Hyperparameter Tuning in Python

Hyperparameters are a numerical quantity you must set yourself when developing a model. This is often one of the last steps of model development. Choosing an algorithm and determining which variables to include often come before this step.

Algorithms cannot determine hyperparameters themselves which is why you have to do it. The problem is that the typical person has no idea what is an optimally choice for the hyperparameter. To deal with this confusion, often a range of values are inputted and then it is left to python to determine which combination of hyperparameters is most appropriate.

In this post, we will learn how to set hyperparameters by developing a grid in  Python. To do this, we will use the PSID dataset from the pydataset library. Our goal will be to classify who is married and not married based on several independent variables. The steps of this process is as follows

  1.  Data preparation
  2. Baseline model (for comparison)
  3. Grid development
  4. Revised model

Below is some initial code that includes all the libraries and classes that we need.

import pandas as pd
import numpy as np
from pydataset import data
pd.set_option('display.max_rows', 5000)
pd.set_option('display.max_columns', 5000)
pd.set_option('display.width', 10000)
from sklearn.neighbors import KNeighborsClassifier
from sklearn.model_selection import cross_val_score
from sklearn.model_selection import GridSearchCV

Data Preparation

The dataset PSID has several problems that we need to address.

  • We need to remove all NAs
  • The married variable will be converted to a dummy variable. It will simply be changed to married or not rather than all of the other possible categories.
  • The educatnn and kids variables have codes that are 98 and 99. These need to be removed because they do not  make sense.

Below is the code that deals with all of this

df=data('PSID').dropna()
df.loc[df.married!= 'married', 'married'] = 0
df.loc[df.married== 'married','married'] = 1
df['married'] = df['married'].astype(int)
df['marry']=df.married
df.drop(df.loc[df['kids']>90].index, inplace=True)
df.drop(df.loc[df['educatn']>90].index, inplace=True
  1. Line 1 loads the dataset and drops the NAs
  2. Line 2-4 create our dummy variable for marriage. We create a new variable called marry to hold the results
  3. Lines 5-6 drop the values in  kids and educatn that are above 90.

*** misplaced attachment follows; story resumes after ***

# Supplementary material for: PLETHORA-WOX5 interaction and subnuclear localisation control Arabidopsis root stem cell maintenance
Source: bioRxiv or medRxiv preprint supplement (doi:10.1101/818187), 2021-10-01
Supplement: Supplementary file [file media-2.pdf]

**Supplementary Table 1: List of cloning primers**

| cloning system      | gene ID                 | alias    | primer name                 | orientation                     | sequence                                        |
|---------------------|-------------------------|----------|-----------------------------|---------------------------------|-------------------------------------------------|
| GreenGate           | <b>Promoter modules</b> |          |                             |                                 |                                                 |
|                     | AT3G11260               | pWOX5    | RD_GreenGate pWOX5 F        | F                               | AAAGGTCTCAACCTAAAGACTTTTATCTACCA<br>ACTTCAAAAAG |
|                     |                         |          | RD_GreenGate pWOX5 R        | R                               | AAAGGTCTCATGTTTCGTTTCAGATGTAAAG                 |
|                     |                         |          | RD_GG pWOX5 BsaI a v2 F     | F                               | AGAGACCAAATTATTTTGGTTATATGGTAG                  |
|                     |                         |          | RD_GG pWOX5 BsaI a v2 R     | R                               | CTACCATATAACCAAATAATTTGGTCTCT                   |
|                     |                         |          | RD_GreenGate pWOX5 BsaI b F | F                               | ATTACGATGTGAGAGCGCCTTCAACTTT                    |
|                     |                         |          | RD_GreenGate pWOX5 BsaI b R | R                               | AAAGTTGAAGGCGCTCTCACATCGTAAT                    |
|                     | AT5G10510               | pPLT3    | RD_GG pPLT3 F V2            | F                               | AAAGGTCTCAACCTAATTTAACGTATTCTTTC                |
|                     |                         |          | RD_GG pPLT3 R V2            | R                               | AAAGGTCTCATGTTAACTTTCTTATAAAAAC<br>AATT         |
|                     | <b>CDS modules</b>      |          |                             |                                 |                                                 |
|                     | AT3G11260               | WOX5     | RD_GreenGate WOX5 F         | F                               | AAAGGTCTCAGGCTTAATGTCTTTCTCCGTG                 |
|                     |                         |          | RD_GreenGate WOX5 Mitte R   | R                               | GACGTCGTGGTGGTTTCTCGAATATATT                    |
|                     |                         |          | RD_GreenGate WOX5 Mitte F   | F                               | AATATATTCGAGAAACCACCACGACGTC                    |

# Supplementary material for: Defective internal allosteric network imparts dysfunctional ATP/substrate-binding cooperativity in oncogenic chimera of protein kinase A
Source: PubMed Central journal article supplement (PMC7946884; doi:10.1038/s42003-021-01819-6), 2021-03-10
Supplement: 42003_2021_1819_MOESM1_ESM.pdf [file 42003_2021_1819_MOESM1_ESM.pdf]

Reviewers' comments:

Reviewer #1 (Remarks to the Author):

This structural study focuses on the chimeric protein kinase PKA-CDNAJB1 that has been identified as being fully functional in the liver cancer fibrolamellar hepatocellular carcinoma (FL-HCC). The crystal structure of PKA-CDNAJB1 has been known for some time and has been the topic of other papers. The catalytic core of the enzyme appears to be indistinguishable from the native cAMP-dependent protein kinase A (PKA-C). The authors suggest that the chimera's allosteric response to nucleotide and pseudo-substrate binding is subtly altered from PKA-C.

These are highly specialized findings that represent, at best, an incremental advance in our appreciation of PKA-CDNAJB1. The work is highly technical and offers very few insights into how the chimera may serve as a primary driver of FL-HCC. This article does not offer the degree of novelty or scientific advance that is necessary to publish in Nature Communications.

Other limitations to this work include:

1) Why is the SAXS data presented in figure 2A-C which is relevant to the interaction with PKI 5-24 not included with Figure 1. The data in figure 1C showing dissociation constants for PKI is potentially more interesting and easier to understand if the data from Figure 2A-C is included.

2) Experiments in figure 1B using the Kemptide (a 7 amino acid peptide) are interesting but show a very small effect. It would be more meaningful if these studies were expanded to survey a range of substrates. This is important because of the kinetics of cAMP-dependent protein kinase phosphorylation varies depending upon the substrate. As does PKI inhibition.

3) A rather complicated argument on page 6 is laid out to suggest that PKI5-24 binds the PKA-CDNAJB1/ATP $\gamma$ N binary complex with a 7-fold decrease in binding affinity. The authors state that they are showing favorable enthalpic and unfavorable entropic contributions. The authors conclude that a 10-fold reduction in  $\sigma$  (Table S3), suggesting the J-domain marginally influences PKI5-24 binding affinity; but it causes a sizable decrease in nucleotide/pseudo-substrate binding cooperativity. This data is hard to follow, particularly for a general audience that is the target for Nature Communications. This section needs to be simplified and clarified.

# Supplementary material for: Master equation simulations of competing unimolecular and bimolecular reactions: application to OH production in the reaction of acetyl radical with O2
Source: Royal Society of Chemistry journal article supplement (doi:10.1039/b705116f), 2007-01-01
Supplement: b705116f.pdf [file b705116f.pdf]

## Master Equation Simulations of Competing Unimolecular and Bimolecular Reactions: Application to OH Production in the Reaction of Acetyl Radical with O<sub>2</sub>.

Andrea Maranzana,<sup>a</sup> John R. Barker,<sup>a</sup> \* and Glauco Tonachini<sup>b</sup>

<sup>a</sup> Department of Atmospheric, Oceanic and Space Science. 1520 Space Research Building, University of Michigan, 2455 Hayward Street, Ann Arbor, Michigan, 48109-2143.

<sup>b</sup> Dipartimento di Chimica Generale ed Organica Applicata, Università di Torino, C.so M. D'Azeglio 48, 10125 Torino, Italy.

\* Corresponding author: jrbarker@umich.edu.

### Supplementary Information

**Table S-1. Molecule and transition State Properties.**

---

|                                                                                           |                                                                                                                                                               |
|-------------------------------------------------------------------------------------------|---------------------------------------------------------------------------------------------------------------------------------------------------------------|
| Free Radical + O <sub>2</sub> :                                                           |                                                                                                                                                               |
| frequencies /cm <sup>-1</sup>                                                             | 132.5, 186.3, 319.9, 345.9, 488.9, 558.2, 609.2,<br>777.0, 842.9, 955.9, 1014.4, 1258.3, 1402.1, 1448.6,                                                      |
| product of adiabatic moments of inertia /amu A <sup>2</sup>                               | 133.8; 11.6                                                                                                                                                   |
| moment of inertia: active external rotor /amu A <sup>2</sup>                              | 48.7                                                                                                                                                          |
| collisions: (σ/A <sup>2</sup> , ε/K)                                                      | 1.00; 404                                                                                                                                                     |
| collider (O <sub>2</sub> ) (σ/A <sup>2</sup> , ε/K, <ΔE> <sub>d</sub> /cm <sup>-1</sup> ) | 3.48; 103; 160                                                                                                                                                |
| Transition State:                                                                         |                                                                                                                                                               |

Below we create our X and y datasets and then are ready to make our baseline model.

X=df[['age','educatn','hours','kids','earnings']]
y=df['marry']

Baseline Model

The purpose of  baseline model is to see how much better or worst the hyperparameter tuning works. We are using K Nearest Neighbors  for our classification. In our example, there are 4 hyperparameters we need to set. They are as follows.

  1. number of neighbors
  2. weight of neighbors
  3. metric for measuring distance
  4. power parameter for minkowski

Below is the baseline model with the set hyperparameters. The second line shows the accuracy of the model after a k-fold cross-validation that was set to 10.

classifier=KNeighborsClassifier(n_neighbors=5,weights=’uniform’, metric=’minkowski’,p=2)
np.mean(cross_val_score(classifier,X,y,cv=10,scoring=’accuracy’,n_jobs=1)) 0.6188104238047426

Our model has an accuracy of about 62%. We will now move to setting up our grid so we can see if tuning the hyperparameters improves the performance

Grid Development

The grid allows you to develop scores of models with all of the hyperparameters tuned slightly differently. In the code below, we create our grid object, and then we calculate how many models we will run

grid={'n_neighbors':range(1,13),'weights':['uniform','distance'],'metric':['manhattan','minkowski'],'p':[1,2]}
np.prod([len(grid[element]) for element in grid])
96

You can see we made a simple list that has several values for each hyperparameter

  1. Number if neighbors can be 1 to 13
  2. weight of neighbors can be uniform or distance
  3. metric can be manhatten or minkowski
  4. p can be 1 or 2

We will develop 96 models all together. Below is the code to begin tuning the hyperparameters.

search=GridSearchCV(estimator=classifier,param_grid=grid,scoring='accuracy',n_jobs=1,refit=True,cv=10)
search.fit(X,y)

The estimator is the  code for the type of algorithm we are using. We set this earlier. The param_grid is our grid. Accuracy is our metric for determining the best model. n_jobs has to do with the amount of resources committed to the process. refit is for changing parameters and cv is for cross-validation folds.The search.fit command runs the model

The code below provides the output for the results.

print(search.best_params_)
print(search.best_score_)
{'metric': 'manhattan', 'n_neighbors': 11, 'p': 1, 'weights': 'uniform'}
0.6503975265017667

The best_params_ function tells us what the most appropriate parameters are. The best_score_ tells us what the accuracy of the model is with the best parameters. Are model accuracy improves from 61% to 65% from adjusting the hyperparameters. We can confirm this by running our revised model with the updated hyper parameters.

Model Revision

Below is the cod efor the erevised model

classifier2=KNeighborsClassifier(n_neighbors=11,weights='uniform', metric='manhattan',p=1)
np.mean(cross_val_score(classifier2,X,y,cv=10,scoring='accuracy',n_jobs=1)) #new res
Out[24]: 0.6503909993913031

Exactly as we thought. This is a small improvement but this can make a big difference in some situation such as in a data science competition.

Conclusion

Tuning hyperparameters is one of the final pieces to improving a model. With this tool, small gradually changes can be seen in a model. It is important to keep in mind this aspect of model development in order to have the best success final.

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